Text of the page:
One message sent to 60 million Facebook users on Election Day 2010 got at least 300,000 additional people to vote, according to a study published Wednesday in Nature magazine.
The message showed the recipient which friends said they had already voted. The result was that the recipient was likely to also go out and vote. In addition, for every user who was persuaded to vote, four friends were as well.
But if no friends were shown as having voted, the message had little impact.
The leader of the research said that 300,000 was a conservative estimate. "The actual number is probably closer to a million people," said James Fowler, a professor of medical genetics and political science at the University of California at San Diego.
Fowler said he got the idea for the project when he saw that Facebook displayed messages urging its users to vote. In collaboration with Cameron Marlow, who manages the data science team at Facebook, he persuaded the company to leave out a small portion of users, enabling a randomized study.
On Nov. 2, 2010, every U.S. resident 18 and older who accessed Facebook became part of a huge trial.
More than 60 million people received what Fowler calls a "social message" on top of Facebook's News Feed. It encouraged voting and showed a clickable button reading "I Voted," a counter of how many Facebook users had reported voting and up to six random profile pictures of friends who had clicked the "I Voted" button.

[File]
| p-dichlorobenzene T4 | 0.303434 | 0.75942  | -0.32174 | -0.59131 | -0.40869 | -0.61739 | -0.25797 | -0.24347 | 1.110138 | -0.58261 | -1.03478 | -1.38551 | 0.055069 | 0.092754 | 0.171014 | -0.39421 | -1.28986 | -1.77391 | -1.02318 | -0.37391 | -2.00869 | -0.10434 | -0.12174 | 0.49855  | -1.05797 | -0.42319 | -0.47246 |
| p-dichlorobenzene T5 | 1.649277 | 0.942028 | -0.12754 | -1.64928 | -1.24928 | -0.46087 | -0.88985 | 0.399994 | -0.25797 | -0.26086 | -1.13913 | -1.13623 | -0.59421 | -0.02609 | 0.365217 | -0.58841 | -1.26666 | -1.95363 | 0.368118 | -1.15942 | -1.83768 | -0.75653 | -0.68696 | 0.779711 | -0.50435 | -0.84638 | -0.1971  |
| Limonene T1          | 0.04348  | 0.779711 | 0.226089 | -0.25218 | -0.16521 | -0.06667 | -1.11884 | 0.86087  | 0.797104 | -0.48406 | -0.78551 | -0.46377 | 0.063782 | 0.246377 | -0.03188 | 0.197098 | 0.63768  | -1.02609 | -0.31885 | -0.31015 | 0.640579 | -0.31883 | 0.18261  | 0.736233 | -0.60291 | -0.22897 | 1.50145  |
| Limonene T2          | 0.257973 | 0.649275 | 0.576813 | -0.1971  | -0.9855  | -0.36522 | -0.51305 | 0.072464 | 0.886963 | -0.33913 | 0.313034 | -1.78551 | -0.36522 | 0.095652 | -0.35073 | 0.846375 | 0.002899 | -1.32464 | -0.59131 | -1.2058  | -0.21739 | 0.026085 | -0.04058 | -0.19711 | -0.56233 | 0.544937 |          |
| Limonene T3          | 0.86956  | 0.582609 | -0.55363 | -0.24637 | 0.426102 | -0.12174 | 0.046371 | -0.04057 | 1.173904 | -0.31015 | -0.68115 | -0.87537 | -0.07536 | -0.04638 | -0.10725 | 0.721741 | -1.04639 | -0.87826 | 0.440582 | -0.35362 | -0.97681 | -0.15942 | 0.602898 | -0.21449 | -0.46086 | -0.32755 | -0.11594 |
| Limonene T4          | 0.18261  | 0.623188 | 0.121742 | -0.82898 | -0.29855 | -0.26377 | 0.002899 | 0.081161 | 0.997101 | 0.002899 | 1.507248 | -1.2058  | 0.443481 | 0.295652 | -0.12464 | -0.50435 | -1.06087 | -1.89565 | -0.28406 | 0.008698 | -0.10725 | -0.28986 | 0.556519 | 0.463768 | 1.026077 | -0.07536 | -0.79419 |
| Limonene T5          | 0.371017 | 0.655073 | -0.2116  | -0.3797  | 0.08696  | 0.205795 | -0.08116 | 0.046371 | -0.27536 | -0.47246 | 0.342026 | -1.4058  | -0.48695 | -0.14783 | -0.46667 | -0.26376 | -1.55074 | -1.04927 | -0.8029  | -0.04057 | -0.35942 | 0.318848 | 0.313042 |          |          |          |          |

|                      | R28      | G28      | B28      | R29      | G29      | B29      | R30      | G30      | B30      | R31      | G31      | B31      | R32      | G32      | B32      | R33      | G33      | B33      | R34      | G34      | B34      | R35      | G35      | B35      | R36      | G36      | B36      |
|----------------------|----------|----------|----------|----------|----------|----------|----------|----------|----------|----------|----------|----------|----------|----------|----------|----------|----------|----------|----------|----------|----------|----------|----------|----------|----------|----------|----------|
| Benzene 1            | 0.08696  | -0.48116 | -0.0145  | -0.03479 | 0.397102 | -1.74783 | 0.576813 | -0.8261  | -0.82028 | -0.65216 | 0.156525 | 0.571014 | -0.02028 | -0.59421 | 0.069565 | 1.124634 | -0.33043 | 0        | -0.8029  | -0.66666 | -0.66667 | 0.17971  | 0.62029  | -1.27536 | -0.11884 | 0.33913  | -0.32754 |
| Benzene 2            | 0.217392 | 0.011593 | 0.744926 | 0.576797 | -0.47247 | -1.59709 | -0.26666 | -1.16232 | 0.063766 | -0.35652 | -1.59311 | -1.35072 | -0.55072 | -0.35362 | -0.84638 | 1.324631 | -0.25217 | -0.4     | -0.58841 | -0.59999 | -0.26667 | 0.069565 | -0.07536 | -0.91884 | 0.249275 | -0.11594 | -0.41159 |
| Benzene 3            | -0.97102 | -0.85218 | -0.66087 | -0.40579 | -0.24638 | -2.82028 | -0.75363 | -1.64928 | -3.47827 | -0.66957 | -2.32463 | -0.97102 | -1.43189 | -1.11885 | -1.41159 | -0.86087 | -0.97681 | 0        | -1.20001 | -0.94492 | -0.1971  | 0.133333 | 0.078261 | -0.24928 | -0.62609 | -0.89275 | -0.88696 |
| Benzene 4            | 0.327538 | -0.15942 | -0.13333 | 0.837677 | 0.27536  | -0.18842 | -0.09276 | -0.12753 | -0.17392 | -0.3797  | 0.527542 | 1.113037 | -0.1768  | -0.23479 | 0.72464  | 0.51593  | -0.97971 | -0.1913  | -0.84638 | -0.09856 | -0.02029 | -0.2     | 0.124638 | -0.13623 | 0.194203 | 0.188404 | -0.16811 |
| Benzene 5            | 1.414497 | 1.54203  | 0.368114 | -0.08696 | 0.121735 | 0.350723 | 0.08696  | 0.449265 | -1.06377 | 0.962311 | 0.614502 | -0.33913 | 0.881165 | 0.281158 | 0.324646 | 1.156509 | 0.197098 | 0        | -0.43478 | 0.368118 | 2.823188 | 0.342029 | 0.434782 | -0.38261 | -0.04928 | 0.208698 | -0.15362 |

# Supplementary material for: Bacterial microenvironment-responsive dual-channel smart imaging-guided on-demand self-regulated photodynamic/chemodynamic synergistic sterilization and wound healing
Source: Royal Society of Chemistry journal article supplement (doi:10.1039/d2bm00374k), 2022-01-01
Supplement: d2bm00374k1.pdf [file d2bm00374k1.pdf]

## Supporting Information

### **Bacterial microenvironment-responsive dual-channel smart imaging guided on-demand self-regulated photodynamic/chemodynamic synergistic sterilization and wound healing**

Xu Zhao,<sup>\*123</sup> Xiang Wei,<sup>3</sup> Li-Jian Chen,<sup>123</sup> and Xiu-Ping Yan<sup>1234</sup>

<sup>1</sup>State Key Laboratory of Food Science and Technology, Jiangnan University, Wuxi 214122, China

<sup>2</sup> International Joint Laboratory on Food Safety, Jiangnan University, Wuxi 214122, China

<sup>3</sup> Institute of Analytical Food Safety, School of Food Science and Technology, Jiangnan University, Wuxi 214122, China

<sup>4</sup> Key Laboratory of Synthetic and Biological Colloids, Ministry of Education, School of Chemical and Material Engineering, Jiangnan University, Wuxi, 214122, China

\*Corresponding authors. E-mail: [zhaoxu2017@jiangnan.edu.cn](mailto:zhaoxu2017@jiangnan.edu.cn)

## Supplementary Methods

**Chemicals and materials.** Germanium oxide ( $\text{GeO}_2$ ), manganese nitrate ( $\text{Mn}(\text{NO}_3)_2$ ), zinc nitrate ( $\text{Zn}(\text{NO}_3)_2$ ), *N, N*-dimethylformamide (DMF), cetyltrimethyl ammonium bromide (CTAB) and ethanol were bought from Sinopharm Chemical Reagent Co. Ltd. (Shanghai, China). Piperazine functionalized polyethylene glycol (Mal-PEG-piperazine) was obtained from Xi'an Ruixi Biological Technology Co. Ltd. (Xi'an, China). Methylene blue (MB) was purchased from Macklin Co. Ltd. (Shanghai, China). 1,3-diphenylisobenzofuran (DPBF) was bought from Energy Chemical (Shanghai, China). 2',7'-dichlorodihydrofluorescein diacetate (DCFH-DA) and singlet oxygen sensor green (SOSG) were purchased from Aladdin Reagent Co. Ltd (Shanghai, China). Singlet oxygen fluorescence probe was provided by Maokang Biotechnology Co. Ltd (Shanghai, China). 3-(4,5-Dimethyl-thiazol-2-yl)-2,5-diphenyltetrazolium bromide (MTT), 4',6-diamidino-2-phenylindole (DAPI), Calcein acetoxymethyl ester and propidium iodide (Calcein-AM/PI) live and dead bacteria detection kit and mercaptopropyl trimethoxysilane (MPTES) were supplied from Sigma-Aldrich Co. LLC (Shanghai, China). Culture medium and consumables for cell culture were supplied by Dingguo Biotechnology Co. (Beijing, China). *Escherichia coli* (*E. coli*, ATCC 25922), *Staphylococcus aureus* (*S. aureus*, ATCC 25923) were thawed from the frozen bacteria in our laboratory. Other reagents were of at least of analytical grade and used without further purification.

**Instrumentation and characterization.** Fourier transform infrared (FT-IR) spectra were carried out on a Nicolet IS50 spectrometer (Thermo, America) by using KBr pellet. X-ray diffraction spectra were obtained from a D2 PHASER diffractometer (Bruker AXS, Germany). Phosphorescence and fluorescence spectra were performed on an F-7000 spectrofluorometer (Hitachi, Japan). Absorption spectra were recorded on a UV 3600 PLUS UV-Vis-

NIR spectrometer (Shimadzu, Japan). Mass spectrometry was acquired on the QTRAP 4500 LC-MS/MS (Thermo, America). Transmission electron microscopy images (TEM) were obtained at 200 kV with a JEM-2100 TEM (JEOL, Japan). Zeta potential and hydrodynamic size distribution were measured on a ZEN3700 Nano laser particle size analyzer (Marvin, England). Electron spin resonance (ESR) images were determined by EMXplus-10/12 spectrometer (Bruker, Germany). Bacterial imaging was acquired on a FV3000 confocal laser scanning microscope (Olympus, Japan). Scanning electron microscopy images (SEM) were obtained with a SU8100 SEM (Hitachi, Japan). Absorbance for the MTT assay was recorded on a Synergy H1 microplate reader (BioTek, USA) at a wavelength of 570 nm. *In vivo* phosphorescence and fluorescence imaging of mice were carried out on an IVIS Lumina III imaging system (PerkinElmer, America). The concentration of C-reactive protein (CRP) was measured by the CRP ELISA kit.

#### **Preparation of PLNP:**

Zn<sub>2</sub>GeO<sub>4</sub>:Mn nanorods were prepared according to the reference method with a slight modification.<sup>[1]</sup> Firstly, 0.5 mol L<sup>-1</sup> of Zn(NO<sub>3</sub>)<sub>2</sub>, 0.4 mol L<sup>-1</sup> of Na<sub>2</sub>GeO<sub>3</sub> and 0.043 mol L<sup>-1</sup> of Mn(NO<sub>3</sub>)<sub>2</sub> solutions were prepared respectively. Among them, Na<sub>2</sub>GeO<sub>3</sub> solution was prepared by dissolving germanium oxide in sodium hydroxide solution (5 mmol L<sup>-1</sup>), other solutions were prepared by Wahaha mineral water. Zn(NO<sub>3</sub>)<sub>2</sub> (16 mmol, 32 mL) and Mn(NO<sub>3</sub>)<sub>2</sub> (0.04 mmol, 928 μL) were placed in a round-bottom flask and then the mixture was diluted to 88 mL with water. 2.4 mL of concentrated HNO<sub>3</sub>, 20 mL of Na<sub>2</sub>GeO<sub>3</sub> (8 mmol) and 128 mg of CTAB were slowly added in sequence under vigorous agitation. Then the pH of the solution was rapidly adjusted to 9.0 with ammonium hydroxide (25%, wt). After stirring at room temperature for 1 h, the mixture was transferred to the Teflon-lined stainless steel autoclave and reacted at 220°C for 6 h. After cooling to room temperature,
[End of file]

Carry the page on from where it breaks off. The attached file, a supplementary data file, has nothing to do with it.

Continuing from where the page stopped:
One control group of about 600,000 people received an "informational message" that lacked the profile pictures and another group of the same number got no message at all.
The data of 6.3 million users were matched anonymously to voter records.
Users who received the social message were 2 percent more likely to click the "I Voted" button than those who got the informational message. Furthermore, they were 0.4 percent more likely to vote than receivers of the informational message or no message.
"Given the modest treatment, it is surprising that they found any effect at all," said Gerald Kane, an associate professor of information systems at Boston College, who was not involved with the study.
The scientists concluded that the informational message was ineffective. The social message, on the other hand, was powerful because it probably provided social pressure on the users to vote by showing them that friends had reported voting, Fowler said.
The scientists found that for every recipient persuaded by the message to vote, four close Facebook friends — relationships identified by a high number of Facebook interactions — ended up voting as a result.
"We don't know how this works; it could be that on Facebook, you see that a friend has voted or that he simply takes you with him to vote," Fowler said.
The scientists could not find a difference between Republicans or Democrats who were activated by the message. But Fowler said the methods for discriminating between the two groups were primitive in this study — it involved reading the political preference written by users on their profiles, and only 1 percent of the users provided one. But for future studies, the team is developing more intricate analyses, inferring political orientation from what comments users write and where they place their "likes".
Many social scientists are eager to use Facebook's data for their experiments. "This is the most exciting research of my lifetime," Fowler said.
"This kind of approach should revolutionize our understanding of human behavior," said David Lazer of Northeastern University, a social network expert who is not associated with the study but is pursuing similar work.
In a conference call with reporters, Facebook's Marlow said that he could not comment directly on whether Facebook is planning something similar for this year's election but added that Facebook is committed to supporting the democratic process.